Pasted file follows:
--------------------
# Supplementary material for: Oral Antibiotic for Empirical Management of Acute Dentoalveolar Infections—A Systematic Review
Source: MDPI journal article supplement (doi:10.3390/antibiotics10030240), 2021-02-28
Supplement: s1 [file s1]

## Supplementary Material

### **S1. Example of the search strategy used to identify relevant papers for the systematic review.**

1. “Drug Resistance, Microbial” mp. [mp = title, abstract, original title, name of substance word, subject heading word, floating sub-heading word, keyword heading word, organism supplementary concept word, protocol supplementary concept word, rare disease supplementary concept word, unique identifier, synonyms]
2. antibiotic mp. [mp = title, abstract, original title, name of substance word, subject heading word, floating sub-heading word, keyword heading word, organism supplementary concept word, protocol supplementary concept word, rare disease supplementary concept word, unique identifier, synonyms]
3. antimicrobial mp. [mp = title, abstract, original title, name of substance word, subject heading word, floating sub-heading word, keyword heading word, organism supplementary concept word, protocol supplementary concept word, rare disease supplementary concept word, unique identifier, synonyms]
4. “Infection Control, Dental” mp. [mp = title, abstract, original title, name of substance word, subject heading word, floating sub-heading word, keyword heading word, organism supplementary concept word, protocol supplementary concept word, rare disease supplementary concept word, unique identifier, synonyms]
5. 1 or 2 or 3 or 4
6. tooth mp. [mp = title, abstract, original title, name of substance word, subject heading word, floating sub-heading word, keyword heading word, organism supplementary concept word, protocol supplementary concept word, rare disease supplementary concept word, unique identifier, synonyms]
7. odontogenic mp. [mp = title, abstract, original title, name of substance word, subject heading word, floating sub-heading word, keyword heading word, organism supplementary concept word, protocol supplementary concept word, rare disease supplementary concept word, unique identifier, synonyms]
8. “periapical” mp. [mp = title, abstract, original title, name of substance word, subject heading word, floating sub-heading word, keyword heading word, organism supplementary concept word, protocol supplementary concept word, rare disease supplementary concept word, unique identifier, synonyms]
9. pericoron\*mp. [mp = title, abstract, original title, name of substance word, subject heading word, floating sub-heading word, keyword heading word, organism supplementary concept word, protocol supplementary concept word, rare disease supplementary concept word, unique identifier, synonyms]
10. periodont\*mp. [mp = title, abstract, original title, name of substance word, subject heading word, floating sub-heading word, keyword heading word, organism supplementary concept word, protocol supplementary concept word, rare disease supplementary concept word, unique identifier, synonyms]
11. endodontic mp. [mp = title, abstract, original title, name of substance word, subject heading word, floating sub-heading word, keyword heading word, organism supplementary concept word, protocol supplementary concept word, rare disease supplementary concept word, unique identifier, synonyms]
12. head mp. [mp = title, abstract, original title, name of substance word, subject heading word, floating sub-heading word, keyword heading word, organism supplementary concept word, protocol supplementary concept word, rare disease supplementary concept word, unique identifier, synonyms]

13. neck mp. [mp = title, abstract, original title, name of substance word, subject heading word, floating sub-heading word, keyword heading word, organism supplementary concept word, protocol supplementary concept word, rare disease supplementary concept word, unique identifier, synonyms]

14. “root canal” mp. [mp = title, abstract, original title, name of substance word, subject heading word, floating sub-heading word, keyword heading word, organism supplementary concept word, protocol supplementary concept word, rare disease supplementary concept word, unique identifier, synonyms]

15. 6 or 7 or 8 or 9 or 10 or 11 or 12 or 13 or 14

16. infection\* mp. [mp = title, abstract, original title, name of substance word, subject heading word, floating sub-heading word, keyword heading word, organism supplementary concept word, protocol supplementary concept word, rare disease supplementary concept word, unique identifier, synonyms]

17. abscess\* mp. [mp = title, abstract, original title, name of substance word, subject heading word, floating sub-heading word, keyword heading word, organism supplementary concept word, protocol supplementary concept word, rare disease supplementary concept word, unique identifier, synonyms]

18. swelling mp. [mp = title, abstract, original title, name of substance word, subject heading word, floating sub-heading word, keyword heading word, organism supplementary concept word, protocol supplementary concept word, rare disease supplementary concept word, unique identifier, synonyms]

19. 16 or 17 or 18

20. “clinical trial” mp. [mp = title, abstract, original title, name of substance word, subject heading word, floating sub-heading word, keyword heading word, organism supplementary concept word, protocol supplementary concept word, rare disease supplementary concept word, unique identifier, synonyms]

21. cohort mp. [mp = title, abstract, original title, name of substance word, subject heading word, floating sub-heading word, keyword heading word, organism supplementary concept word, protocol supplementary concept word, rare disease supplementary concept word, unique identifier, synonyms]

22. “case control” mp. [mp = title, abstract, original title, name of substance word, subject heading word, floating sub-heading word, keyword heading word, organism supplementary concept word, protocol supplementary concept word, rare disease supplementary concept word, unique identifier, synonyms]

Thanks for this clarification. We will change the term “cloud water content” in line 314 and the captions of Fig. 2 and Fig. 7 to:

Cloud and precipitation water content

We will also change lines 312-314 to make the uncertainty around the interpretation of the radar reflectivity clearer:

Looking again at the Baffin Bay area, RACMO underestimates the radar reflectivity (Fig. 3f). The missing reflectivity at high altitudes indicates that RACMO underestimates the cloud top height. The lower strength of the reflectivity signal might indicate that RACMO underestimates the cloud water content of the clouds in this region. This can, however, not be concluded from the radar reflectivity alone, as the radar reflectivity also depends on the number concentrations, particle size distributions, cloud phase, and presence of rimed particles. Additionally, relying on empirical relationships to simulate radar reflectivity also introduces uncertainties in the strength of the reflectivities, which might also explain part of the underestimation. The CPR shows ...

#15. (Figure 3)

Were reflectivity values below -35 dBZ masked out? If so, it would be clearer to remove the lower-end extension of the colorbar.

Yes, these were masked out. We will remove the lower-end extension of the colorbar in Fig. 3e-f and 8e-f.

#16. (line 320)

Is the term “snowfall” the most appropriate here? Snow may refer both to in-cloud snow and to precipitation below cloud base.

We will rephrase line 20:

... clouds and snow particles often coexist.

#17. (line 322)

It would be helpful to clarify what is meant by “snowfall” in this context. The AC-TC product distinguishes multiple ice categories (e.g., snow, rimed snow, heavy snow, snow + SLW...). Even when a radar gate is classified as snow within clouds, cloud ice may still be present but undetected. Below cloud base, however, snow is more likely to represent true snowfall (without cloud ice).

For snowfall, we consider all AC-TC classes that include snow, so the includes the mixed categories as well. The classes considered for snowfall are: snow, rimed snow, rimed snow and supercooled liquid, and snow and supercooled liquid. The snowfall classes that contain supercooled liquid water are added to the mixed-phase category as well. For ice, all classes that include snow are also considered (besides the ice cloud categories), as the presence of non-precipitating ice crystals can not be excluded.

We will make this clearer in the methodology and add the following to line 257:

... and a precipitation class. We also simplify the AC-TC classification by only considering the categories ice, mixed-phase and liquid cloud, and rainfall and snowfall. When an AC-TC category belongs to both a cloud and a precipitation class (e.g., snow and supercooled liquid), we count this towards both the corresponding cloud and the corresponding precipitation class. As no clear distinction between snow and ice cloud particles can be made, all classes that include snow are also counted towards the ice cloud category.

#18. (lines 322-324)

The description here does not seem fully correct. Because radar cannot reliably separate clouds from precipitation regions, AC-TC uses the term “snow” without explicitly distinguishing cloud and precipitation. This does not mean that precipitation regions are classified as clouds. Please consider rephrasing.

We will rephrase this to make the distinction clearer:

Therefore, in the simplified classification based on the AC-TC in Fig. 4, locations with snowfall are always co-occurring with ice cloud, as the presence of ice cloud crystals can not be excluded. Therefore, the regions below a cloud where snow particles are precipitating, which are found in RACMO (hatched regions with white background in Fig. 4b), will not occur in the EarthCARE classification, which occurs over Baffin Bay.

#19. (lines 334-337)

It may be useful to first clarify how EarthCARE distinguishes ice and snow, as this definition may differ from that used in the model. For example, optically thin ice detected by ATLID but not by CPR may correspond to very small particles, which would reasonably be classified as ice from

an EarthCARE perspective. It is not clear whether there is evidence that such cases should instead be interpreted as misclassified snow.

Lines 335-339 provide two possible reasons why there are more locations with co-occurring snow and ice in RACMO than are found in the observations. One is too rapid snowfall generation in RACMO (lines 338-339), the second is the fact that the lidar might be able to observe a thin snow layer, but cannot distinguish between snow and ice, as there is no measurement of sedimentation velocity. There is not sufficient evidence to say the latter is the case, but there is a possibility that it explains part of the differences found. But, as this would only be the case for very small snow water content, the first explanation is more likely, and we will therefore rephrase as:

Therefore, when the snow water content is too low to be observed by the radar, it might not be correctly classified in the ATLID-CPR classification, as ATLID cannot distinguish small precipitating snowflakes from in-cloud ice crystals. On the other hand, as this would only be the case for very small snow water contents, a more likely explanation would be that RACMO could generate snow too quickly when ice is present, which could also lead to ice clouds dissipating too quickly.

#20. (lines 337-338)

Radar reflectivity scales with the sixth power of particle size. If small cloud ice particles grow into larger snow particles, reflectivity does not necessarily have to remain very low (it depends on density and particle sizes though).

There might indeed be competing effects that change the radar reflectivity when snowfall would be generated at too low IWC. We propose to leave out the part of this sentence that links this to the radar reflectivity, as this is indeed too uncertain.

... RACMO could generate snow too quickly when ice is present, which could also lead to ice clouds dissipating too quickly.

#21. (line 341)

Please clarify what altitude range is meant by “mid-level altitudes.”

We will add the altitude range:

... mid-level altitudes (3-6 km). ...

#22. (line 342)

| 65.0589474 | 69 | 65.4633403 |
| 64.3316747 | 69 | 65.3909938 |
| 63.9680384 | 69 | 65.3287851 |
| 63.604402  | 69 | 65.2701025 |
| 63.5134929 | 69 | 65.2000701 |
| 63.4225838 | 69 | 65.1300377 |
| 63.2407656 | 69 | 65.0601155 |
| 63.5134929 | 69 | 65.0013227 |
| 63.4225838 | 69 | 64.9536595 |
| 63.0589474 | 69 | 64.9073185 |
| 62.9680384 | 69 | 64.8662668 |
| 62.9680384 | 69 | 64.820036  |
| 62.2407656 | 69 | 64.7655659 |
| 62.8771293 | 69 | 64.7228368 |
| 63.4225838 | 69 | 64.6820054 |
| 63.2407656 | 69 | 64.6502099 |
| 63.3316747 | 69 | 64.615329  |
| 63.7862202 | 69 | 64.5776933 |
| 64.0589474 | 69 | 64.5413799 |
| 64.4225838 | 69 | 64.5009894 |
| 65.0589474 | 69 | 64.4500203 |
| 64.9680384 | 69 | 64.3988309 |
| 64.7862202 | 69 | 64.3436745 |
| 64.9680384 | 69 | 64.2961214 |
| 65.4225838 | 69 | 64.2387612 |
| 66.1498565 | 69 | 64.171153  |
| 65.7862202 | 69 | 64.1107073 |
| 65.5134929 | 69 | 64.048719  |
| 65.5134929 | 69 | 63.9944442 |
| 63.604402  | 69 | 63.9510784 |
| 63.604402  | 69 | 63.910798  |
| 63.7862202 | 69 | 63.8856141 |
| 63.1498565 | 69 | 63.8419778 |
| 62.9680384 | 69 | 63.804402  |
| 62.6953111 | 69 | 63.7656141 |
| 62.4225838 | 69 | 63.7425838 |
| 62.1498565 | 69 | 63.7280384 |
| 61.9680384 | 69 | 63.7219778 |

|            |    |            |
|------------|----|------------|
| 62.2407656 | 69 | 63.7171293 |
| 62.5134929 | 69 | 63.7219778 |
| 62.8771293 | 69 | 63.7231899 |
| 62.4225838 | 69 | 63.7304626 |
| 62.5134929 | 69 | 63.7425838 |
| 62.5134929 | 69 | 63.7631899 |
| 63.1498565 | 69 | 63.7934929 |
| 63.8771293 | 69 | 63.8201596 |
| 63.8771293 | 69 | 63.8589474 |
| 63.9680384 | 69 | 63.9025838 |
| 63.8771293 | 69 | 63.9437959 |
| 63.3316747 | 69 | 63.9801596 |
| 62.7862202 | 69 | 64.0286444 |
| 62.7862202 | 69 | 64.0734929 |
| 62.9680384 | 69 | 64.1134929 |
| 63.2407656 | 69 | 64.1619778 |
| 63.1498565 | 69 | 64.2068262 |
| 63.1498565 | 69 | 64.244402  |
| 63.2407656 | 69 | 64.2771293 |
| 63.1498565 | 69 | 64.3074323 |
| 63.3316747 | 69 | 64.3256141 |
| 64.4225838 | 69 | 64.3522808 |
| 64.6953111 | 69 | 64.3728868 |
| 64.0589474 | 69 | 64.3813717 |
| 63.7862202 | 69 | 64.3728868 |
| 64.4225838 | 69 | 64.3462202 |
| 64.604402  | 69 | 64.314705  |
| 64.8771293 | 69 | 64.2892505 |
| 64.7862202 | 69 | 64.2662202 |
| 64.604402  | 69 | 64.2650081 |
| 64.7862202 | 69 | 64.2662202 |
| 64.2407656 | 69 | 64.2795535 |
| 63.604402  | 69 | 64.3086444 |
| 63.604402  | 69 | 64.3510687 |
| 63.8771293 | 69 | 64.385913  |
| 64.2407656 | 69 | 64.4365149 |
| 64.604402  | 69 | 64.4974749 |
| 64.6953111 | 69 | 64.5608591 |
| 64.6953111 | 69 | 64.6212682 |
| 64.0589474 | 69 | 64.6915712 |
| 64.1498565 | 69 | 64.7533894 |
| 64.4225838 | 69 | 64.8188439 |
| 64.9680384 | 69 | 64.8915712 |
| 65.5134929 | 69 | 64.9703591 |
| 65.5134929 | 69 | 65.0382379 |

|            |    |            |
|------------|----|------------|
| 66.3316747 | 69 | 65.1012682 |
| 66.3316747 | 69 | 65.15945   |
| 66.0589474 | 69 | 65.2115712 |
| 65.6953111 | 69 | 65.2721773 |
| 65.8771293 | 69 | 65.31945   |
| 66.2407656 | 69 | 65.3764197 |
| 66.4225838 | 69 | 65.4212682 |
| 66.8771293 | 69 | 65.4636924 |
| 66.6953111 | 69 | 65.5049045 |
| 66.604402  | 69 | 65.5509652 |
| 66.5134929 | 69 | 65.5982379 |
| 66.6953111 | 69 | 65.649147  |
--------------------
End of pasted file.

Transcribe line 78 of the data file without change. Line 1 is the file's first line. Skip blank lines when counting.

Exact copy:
| 63.3316747 | 69 | 64.615329  |